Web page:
This is a fantastically complex picture story book by illustrator Alastair Graham. It depicts all the ghostly and grisly goings on in the Hotel Splendide. Each page introduces new elements into the story, and prompts on the left hand page guide you as to what new things you might be looking for.
There are always hordes of other things going on in this richly detailed book, so it is important for the child to have their wits about them as they engage in what is basically a story book eye spy.
The pictures are humorous as well as a little spooky, and there is the perfect balance of humour and ghostliness that makes this a sure fire winner with readers from about the ages of seven to ten.
It mainly involves monsters, ghosts and ghouls and would be perfect for boys, particularly those who struggle with the more traditional narrative text, but who perhaps respond better to film, television or graphic novels. There is a real comic book element to the book.
The book would be hard to read in large groups as the illustrations are very busy and there is a great deal going on in every page. It is something that would give much more to the reader alone or in small groups of two or three where the children could work together to find all the different elements of the story.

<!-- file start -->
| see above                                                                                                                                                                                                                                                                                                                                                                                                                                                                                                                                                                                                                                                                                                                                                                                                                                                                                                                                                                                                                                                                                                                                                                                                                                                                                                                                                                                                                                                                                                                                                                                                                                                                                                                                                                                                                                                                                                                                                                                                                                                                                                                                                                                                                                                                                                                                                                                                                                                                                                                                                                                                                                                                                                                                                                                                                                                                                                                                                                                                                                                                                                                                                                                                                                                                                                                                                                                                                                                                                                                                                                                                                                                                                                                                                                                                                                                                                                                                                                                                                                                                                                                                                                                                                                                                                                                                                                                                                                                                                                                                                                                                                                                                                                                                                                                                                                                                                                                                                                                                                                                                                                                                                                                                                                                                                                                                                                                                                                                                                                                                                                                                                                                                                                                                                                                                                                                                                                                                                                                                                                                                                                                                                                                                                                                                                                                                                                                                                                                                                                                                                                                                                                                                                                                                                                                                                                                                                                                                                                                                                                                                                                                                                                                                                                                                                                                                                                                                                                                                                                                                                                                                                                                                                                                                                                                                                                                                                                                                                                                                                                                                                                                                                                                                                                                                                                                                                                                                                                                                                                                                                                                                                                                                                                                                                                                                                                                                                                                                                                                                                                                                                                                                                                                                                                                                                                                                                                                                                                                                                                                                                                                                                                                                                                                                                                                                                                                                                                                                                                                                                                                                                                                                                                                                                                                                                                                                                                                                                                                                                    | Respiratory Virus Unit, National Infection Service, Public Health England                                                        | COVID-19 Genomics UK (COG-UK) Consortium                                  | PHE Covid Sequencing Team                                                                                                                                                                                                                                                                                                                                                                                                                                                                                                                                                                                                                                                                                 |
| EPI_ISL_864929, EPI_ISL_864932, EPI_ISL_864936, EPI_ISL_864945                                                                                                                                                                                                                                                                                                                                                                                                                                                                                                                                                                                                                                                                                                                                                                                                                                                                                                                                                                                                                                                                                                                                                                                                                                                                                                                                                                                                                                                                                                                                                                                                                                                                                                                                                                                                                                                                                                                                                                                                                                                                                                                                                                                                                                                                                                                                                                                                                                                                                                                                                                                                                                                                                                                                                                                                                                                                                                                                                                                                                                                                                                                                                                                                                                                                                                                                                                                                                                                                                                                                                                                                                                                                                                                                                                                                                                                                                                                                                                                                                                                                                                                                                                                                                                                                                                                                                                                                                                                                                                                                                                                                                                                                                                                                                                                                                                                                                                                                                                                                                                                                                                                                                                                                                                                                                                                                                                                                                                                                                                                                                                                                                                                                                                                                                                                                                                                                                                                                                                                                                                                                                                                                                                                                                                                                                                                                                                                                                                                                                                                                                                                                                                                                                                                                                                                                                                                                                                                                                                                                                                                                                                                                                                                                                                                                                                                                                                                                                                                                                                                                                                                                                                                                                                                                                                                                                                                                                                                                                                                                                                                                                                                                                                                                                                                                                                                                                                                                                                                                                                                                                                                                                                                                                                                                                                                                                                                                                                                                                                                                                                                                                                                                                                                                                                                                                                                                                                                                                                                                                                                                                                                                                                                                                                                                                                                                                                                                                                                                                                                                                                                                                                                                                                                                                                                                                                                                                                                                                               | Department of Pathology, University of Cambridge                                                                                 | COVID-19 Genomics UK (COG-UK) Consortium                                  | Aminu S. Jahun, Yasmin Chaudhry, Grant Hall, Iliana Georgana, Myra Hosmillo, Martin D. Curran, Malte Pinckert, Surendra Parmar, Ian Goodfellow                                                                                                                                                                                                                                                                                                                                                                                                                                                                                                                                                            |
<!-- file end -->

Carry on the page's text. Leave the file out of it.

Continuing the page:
In terms of education, it is interesting to look at how the author builds the story without words, and how he weaves lots of different story lines together to make up the plot.
It would also be good to look at ways that you can introduce both humour and fear into a story, and how to balance the two elements so that the book is enjoyable and exciting without being too frightening.
The different strands of narrative in the book raise lots of questions, and it might be good to have question and answer sessions after studying each page or the book as a whole, so that you can check to see if the children comprehend what they are seeing, and also answer any queries they might have.
It would be interesting to get the children to write down their own stories based on what they see in the pictures, or to get them to write down the individual story strands the book introduces, as straight narratives.
It would also be fun to create their own eye spy style story pages which they can illustrate themselves and provide clues for other readers to find the things they have included in their pictures.
This is an excellent way of introducing quite sophisticated methods of reading a story without them actually having to read any words at all. I recommend it highly for older boys who might be struggling with regular books, as a way into getting them comfortable with narrative.
There is also a similar book by Alastair Graham called Full Moon Afloat.